Review: VirtualBox 5.0 vs. VMware Workstation 11

VirtualBox 5.0's new features add ease and flexibility, but VMware Workstation 11 leads in performance and convenience

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Oracle VirtualBox and VMware Workstation have been duking it out for several years now. VirtualBox occupies the “free and open source” corner of the ring, while VMware Workstation is a proprietary commercial application. For the price, Workstation has generally led in features and performance, while also providing close integrations with the rest of the VMware virtualization line.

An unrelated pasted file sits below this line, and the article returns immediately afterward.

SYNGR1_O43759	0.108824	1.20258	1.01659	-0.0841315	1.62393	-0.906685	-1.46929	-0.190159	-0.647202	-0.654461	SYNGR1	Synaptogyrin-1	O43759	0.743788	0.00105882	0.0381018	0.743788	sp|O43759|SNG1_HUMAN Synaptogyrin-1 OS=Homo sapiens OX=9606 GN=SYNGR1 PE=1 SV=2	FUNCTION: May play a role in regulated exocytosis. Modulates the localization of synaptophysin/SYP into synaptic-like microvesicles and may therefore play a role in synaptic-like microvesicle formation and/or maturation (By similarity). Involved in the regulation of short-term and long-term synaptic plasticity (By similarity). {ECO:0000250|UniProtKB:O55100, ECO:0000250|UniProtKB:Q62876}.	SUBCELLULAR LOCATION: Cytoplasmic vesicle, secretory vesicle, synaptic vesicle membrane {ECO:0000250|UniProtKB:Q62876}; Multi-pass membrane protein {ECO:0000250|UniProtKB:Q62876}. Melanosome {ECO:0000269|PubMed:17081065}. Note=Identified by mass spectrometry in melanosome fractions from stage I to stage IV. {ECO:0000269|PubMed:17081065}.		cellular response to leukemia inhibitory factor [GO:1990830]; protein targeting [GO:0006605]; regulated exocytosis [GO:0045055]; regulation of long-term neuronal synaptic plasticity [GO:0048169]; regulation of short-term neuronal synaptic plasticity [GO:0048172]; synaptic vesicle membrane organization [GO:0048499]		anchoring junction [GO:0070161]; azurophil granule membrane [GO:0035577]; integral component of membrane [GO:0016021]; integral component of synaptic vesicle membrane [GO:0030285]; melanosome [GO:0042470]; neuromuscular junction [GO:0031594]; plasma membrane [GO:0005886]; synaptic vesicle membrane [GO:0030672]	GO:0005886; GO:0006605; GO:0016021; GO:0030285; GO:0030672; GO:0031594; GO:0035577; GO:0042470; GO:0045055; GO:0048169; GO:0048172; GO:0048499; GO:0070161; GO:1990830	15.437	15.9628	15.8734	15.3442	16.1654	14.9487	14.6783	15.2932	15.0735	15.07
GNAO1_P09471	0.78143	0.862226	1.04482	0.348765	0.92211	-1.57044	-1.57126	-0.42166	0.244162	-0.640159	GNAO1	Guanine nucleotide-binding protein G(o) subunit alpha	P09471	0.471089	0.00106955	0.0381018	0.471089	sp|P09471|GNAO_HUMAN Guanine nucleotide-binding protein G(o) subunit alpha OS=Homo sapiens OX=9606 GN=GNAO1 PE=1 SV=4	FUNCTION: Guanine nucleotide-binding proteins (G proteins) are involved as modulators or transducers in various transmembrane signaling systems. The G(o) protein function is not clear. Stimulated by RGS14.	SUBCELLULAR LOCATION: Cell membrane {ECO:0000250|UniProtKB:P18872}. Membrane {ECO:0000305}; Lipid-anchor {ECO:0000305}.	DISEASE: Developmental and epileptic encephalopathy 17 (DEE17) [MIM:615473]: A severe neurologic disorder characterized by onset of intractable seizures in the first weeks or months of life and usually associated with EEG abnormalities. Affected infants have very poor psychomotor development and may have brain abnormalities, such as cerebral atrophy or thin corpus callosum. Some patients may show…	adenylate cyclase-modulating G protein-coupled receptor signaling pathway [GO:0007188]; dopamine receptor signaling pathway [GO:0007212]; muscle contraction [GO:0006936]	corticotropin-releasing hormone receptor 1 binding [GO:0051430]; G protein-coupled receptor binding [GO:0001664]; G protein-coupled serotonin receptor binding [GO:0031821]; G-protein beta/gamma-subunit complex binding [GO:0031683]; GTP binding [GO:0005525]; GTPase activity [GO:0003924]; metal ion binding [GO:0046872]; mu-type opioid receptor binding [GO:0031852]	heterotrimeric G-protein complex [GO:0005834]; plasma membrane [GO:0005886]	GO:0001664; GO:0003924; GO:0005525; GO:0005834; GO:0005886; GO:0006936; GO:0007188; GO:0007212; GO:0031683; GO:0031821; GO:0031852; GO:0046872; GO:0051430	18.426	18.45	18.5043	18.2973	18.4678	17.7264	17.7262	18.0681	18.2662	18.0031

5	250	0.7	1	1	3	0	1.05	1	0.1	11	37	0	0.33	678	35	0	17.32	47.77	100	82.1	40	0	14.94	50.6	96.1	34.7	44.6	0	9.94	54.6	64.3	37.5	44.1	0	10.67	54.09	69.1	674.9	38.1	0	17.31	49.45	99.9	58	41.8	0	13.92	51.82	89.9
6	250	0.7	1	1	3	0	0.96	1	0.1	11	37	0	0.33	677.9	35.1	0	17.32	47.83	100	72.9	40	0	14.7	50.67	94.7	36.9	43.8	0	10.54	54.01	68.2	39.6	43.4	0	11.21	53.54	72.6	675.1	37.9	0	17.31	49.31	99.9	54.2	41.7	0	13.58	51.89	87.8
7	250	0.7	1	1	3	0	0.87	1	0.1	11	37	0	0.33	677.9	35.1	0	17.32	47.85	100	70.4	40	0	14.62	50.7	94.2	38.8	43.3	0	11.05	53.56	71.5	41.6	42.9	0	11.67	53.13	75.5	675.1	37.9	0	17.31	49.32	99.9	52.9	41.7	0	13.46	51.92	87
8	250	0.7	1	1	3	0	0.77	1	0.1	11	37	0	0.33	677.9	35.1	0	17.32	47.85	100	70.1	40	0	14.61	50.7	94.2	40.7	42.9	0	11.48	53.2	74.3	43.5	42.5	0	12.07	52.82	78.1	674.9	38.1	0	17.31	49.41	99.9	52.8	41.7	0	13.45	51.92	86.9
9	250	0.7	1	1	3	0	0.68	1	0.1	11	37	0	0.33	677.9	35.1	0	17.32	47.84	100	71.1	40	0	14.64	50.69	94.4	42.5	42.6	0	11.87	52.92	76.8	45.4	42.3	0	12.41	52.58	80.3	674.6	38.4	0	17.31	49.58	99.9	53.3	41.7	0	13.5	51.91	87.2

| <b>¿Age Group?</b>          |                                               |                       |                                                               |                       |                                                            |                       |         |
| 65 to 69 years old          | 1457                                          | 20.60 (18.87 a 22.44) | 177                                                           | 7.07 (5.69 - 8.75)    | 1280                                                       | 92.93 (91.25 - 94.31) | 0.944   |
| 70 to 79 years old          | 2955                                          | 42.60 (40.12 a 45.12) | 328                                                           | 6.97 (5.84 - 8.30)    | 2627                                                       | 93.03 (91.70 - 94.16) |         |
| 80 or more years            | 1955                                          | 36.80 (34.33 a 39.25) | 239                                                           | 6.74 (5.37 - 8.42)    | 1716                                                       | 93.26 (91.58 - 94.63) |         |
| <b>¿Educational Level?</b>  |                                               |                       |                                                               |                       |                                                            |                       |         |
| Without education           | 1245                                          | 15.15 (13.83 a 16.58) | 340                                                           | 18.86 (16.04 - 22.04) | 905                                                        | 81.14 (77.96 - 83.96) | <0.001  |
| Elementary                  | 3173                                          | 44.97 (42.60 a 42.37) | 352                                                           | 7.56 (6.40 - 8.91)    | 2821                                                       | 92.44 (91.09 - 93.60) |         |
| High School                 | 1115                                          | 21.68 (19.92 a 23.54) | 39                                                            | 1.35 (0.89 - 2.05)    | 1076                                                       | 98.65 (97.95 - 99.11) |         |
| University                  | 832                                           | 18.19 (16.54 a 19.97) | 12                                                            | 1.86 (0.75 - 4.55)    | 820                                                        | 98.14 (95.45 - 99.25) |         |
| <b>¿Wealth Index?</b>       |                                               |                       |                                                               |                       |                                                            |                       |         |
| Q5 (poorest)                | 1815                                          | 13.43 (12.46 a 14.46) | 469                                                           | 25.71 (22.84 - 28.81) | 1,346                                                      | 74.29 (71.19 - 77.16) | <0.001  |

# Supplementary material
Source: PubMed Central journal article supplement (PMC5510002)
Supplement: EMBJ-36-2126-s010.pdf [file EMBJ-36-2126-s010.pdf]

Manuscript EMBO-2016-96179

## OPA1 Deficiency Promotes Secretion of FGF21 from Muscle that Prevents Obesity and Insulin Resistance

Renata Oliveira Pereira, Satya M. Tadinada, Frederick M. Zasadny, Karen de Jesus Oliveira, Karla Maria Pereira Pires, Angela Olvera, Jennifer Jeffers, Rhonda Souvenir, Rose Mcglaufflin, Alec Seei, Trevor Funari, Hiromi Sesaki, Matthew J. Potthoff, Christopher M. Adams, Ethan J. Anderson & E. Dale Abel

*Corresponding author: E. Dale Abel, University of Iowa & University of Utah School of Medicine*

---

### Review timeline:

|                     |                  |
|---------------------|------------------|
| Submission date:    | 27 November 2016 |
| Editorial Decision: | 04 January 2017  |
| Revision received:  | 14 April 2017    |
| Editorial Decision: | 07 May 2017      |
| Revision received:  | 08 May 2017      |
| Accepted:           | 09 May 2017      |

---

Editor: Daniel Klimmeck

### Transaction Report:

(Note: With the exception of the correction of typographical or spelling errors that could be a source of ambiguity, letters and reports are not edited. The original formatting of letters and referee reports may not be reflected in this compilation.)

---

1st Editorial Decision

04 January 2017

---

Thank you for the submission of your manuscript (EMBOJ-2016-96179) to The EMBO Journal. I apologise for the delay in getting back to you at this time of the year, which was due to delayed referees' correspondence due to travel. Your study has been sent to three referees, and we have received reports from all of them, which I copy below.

Fundamentally, though, the two products are quite similar. Both run on Windows or Linux hosts, and both support a broad range of Windows, Linux, and Unix guests. (VirtualBox also runs on OS X, whereas VMware offers Fusion for Macs.) Both VirtualBox and Workstation let you create large VMs and complex virtual networks. Both let you take as many snapshots of VMs as you can store, and they give you a graphical timeline to navigate among them. Both support linked clones, which base copies of VMs on snapshots to save disk space.

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